During WWII, Hunter College leased the Bronx campus buildings to the United States Navy who used the facilities to train 95,000 women volunteers for military service.
In the summer of 1943 Dusenbury's WAVES were moved to Milledgeville, Ga.
Georgia State College for Women was selected as one of four training locations for U.S. Navy WAVES. According to Naval history, for two years 15,000 women received training on campus in storekeeping and clerical duties for the Navy.
"The WAVES took over the college," she said. "We had school from 8 a.m.-4 p.m. each day. We learned the basics for merchandising, aviation and about navy supplies. We learned all Navy traditions including tying knots. We had wool uniforms and had to wear them each day in June, July and August in Georgia. No connections with home—only letters once in a while."
In September 1943 Dusenbury flew home to Detroit.
"That was the first time I was ever in an airplane," she said. "I remember we had to pull the window blinds down in the airplane when we flew over Dayton, Ohio due to the munitions plants in the town building bombs and ammunition there during World War II."
Dusenbury was home for 10 days and then traveled by train and arrived at the Naval Training Center in San Diego in September 1943.
"I was a half a day late getting to the base," she laughed. "It seemed to be a long ways from the train station to the training center. The mood was very serious in San Diego. They were worried there. They were very busy typing the sailors papers to ship out— everyone had three sets (of papers). You typed them, checked them and handed them over. At first the office was full of Navy men typing. After we got there they sent the men to sea—to war— and replaced them with us WAVES. They wanted all those men—an endless number it seemed— on the ships out in the Pacific."
After about 14 months Dusenbury was transferred from typing orders to payroll.
"A Marine would come into the office with a big pile of cash. We went out and paid the boys $17 per month," she said. "They only got $50 per month and many sent the rest of the money back home and had insurance to pay. They were on duty for three months and had one leave during that time. We paid them in cash."
"Those boys would look straight ahead when we paid them—there was no talking with them. That was the beginning of the war to them—they shipped out right after that. We'd call the name off, the money was counted—they signed their name. It seemed like so many of those boys did not have middle names. That was my only connection with the Navy men. I did get to know some of the trainers. We'd go out to the USO shows and dance."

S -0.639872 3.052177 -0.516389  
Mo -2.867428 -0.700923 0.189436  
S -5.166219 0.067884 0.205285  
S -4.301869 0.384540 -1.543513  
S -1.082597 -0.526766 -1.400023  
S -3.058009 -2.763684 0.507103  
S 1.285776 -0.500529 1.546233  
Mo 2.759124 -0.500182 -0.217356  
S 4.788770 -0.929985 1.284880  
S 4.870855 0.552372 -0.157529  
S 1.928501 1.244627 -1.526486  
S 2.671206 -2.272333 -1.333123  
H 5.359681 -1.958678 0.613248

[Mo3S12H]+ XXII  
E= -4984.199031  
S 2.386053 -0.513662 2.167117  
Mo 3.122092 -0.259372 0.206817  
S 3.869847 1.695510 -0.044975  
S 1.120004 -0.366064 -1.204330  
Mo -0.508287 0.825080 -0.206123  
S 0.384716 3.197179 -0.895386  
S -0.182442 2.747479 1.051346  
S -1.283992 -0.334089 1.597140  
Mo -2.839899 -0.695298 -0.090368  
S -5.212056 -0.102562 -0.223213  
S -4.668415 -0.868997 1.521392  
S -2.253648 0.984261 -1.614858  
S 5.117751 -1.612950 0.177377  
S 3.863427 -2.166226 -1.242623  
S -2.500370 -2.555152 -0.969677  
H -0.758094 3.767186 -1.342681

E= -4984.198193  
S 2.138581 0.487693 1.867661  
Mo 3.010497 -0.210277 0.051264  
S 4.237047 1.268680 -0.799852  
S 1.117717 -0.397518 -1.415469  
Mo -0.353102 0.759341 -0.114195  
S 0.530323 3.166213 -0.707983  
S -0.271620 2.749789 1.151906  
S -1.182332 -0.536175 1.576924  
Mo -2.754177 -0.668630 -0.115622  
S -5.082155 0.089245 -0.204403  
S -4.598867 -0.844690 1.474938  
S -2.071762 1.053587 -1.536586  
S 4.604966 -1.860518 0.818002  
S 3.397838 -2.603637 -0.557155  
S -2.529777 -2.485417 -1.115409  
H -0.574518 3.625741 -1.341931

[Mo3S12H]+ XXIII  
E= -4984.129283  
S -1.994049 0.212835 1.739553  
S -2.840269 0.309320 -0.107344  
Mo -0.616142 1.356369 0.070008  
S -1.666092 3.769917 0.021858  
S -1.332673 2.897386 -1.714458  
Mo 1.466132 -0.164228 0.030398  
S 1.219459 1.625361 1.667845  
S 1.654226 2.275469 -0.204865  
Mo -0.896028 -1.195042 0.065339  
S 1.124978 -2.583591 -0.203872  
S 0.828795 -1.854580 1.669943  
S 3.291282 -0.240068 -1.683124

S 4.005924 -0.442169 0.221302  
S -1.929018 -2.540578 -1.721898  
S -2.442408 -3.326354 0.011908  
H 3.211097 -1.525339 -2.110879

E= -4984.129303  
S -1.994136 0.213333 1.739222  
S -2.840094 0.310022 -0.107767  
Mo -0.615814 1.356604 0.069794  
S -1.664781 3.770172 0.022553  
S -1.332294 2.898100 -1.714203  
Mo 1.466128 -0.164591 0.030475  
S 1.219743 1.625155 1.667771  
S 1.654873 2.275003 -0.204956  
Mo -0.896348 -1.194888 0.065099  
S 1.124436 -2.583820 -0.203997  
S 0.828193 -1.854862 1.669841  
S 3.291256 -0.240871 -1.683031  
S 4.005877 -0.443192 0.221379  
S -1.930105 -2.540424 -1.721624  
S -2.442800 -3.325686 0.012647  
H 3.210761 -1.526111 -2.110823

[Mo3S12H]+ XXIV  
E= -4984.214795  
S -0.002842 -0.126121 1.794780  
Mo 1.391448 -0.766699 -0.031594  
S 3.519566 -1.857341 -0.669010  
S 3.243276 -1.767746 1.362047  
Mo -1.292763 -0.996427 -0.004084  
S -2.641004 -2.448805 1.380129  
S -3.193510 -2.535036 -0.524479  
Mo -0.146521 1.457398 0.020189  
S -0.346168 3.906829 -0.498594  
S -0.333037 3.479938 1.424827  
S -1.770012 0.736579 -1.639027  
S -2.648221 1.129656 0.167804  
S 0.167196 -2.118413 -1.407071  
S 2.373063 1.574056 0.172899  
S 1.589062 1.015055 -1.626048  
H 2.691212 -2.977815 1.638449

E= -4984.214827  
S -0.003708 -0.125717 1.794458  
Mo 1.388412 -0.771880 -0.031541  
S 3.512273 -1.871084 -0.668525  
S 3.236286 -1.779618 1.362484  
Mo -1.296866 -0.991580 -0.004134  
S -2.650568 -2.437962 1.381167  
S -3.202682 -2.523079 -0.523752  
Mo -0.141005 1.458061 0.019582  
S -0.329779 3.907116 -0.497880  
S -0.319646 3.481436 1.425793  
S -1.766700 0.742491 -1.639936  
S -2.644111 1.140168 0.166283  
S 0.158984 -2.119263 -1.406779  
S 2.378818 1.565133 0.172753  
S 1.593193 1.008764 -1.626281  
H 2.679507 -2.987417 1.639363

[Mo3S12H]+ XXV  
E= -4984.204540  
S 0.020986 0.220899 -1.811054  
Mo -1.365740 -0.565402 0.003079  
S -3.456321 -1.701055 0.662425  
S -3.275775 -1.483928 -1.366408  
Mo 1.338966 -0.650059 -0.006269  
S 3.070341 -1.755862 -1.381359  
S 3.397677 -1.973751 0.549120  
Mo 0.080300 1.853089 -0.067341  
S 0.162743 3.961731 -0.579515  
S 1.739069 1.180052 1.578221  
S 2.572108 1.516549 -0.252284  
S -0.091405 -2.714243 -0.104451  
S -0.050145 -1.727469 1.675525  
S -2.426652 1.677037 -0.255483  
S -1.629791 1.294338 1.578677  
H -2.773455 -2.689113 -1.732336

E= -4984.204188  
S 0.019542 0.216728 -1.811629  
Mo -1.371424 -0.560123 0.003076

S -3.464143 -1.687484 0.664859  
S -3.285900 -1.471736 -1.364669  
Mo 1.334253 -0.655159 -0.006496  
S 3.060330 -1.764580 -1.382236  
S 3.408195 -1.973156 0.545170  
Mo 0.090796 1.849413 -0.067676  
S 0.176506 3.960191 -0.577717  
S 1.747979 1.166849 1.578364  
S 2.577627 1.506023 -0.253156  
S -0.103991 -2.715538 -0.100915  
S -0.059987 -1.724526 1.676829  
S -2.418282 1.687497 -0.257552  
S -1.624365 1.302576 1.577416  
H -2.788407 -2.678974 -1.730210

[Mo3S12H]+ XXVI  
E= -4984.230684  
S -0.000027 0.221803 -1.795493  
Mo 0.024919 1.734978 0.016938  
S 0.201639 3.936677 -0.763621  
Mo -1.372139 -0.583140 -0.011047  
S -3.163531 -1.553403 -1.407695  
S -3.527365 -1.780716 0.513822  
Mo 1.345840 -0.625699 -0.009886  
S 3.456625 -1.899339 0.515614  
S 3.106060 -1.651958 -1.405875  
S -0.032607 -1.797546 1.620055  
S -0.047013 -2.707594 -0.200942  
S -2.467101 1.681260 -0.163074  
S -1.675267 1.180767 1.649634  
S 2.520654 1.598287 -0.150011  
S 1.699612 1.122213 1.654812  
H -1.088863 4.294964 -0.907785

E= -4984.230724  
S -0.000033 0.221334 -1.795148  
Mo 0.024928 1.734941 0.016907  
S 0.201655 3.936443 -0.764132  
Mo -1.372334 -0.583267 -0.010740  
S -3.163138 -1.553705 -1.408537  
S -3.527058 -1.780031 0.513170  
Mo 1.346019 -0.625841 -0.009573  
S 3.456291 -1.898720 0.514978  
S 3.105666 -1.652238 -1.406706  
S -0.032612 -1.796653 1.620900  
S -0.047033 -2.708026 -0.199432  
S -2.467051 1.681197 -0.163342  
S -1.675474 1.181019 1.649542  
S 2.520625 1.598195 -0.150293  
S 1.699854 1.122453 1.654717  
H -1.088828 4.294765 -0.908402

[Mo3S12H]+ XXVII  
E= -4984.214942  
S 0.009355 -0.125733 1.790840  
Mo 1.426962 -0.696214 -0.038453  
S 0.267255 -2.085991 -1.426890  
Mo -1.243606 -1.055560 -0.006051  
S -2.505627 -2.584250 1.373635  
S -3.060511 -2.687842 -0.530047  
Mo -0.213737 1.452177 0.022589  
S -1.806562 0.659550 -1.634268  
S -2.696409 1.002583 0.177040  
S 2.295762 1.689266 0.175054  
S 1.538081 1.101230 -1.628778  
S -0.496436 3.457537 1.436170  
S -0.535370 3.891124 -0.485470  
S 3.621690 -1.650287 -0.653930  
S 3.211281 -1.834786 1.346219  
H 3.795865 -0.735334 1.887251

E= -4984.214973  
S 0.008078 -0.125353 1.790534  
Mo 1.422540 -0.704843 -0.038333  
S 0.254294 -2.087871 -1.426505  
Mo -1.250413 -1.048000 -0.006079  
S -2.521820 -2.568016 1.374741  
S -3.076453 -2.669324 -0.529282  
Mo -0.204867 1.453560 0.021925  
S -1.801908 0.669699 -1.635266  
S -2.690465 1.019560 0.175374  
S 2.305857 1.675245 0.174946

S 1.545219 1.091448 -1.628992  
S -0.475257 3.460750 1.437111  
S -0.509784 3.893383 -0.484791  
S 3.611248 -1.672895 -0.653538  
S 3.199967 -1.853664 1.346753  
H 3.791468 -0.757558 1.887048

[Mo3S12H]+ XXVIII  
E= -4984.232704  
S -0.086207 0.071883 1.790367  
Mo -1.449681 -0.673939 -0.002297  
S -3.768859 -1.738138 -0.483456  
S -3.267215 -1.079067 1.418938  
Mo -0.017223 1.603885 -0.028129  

Dusenbury served a total of 33 months in the Navy WAVES. She left the service as a Third Class Petty Officer. The war ended in the Pacific in August 1945 and she returned home in 1946 where she continued her occupation as a buyer for Waites Department Store.
"I went into the WAVES to serve my country," she said. "That was what you did— it was time to defend your country. Those of us who signed up were very loyal young ladies and we did our job."
"The first Saturday night after I came home the phone rang and it was a classmate named Lawrence Dusenbury. My Dad answered the phone and the young man asked, 'Did the battleship come in yet?'" she laughed. "It seemed Lawrence wanted to come over with some other classmates and have some beers. I told him no. I had to leave for New York on business."
When she returned a week later the two dated and married two years later in 1948. Catherine and Lawrence were married for 43 years. Lawrence died in 1991. The couple had one daughter, Dot, who today, along with husband Mike LaLone and sons Kevin, Chris, Alex and Matt, own Mike LaLone Well Service, located in Brandon Township.